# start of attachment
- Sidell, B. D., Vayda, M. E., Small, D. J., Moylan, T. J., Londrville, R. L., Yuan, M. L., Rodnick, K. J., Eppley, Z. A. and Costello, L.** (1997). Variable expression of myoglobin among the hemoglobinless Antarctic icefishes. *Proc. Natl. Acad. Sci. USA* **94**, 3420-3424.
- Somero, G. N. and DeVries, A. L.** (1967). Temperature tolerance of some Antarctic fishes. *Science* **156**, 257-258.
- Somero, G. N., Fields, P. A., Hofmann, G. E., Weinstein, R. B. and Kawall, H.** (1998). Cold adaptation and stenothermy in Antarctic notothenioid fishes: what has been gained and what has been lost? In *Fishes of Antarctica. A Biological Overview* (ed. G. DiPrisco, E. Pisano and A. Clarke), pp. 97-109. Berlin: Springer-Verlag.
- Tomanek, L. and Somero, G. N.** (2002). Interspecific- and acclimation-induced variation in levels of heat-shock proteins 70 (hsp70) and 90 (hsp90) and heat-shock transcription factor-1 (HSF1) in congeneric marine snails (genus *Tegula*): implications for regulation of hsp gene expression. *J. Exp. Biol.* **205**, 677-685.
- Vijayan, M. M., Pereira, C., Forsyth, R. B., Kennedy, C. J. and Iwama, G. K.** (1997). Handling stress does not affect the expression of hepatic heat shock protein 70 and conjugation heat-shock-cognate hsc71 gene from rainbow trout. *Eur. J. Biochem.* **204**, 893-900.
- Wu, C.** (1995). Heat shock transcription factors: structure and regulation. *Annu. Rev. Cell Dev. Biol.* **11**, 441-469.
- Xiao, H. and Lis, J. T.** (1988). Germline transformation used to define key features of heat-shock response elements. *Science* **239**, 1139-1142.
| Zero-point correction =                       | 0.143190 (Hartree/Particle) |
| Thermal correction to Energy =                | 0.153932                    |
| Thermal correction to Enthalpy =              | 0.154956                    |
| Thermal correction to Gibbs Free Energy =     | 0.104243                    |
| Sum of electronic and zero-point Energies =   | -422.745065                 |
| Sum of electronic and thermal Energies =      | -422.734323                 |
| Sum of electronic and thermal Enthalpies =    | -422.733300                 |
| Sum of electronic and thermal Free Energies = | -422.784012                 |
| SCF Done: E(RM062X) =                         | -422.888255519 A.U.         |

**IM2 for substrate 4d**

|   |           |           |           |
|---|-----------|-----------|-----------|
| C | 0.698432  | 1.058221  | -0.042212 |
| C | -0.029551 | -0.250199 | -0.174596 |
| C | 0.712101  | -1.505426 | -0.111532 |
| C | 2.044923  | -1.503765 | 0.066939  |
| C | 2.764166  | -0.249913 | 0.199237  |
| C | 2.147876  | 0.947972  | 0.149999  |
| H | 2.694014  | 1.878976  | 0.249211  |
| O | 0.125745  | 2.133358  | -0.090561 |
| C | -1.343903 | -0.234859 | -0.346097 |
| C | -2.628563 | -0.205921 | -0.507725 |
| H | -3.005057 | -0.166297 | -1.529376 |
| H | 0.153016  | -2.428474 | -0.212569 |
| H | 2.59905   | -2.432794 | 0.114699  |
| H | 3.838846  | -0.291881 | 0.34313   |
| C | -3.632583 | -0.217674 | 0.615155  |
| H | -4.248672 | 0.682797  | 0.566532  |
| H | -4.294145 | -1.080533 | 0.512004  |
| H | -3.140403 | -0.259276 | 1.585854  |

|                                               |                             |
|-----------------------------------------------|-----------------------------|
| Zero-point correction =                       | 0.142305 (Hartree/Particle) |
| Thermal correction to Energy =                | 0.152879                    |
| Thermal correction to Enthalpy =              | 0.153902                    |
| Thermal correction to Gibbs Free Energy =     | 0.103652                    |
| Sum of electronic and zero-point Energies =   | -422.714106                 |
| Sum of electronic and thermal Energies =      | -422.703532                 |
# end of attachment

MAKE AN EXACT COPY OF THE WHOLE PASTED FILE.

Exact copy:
- Sidell, B. D., Vayda, M. E., Small, D. J., Moylan, T. J., Londrville, R. L., Yuan, M. L., Rodnick, K. J., Eppley, Z. A. and Costello, L.** (1997). Variable expression of myoglobin among the hemoglobinless Antarctic icefishes. *Proc. Natl. Acad. Sci. USA* **94**, 3420-3424.
- Somero, G. N. and DeVries, A. L.** (1967). Temperature tolerance of some Antarctic fishes. *Science* **156**, 257-258.
- Somero, G. N., Fields, P. A., Hofmann, G. E., Weinstein, R. B. and Kawall, H.** (1998). Cold adaptation and stenothermy in Antarctic notothenioid fishes: what has been gained and what has been lost? In *Fishes of Antarctica. A Biological Overview* (ed. G. DiPrisco, E. Pisano and A. Clarke), pp. 97-109. Berlin: Springer-Verlag.
- Tomanek, L. and Somero, G. N.** (2002). Interspecific- and acclimation-induced variation in levels of heat-shock proteins 70 (hsp70) and 90 (hsp90) and heat-shock transcription factor-1 (HSF1) in congeneric marine snails (genus *Tegula*): implications for regulation of hsp gene expression. *J. Exp. Biol.* **205**, 677-685.
- Vijayan, M. M., Pereira, C., Forsyth, R. B., Kennedy, C. J. and Iwama, G. K.** (1997). Handling stress does not affect the expression of hepatic heat shock protein 70 and conjugation heat-shock-cognate hsc71 gene from rainbow trout. *Eur. J. Biochem.* **204**, 893-900.
- Wu, C.** (1995). Heat shock transcription factors: structure and regulation. *Annu. Rev. Cell Dev. Biol.* **11**, 441-469.
- Xiao, H. and Lis, J. T.** (1988). Germline transformation used to define key features of heat-shock response elements. *Science* **239**, 1139-1142.
| Zero-point correction =                       | 0.143190 (Hartree/Particle) |
| Thermal correction to Energy =                | 0.153932                    |
| Thermal correction to Enthalpy =              | 0.154956                    |
| Thermal correction to Gibbs Free Energy =     | 0.104243                    |
| Sum of electronic and zero-point Energies =   | -422.745065                 |
| Sum of electronic and thermal Energies =      | -422.734323                 |
| Sum of electronic and thermal Enthalpies =    | -422.733300                 |
| Sum of electronic and thermal Free Energies = | -422.784012                 |
| SCF Done: E(RM062X) =                         | -422.888255519 A.U.         |

**IM2 for substrate 4d**

|   |           |           |           |
|---|-----------|-----------|-----------|
| C | 0.698432  | 1.058221  | -0.042212 |
| C | -0.029551 | -0.250199 | -0.174596 |
| C | 0.712101  | -1.505426 | -0.111532 |
| C | 2.044923  | -1.503765 | 0.066939  |
| C | 2.764166  | -0.249913 | 0.199237  |
| C | 2.147876  | 0.947972  | 0.149999  |
| H | 2.694014  | 1.878976  | 0.249211  |
| O | 0.125745  | 2.133358  | -0.090561 |
| C | -1.343903 | -0.234859 | -0.346097 |
| C | -2.628563 | -0.205921 | -0.507725 |
| H | -3.005057 | -0.166297 | -1.529376 |
| H | 0.153016  | -2.428474 | -0.212569 |
| H | 2.59905   | -2.432794 | 0.114699  |
| H | 3.838846  | -0.291881 | 0.34313   |
| C | -3.632583 | -0.217674 | 0.615155  |
| H | -4.248672 | 0.682797  | 0.566532  |
| H | -4.294145 | -1.080533 | 0.512004  |
| H | -3.140403 | -0.259276 | 1.585854  |

|                                               |                             |
|-----------------------------------------------|-----------------------------|
| Zero-point correction =                       | 0.142305 (Hartree/Particle) |
| Thermal correction to Energy =                | 0.152879                    |
| Thermal correction to Enthalpy =              | 0.153902                    |
| Thermal correction to Gibbs Free Energy =     | 0.103652                    |
| Sum of electronic and zero-point Energies =   | -422.714106                 |
| Sum of electronic and thermal Energies =      | -422.703532                 |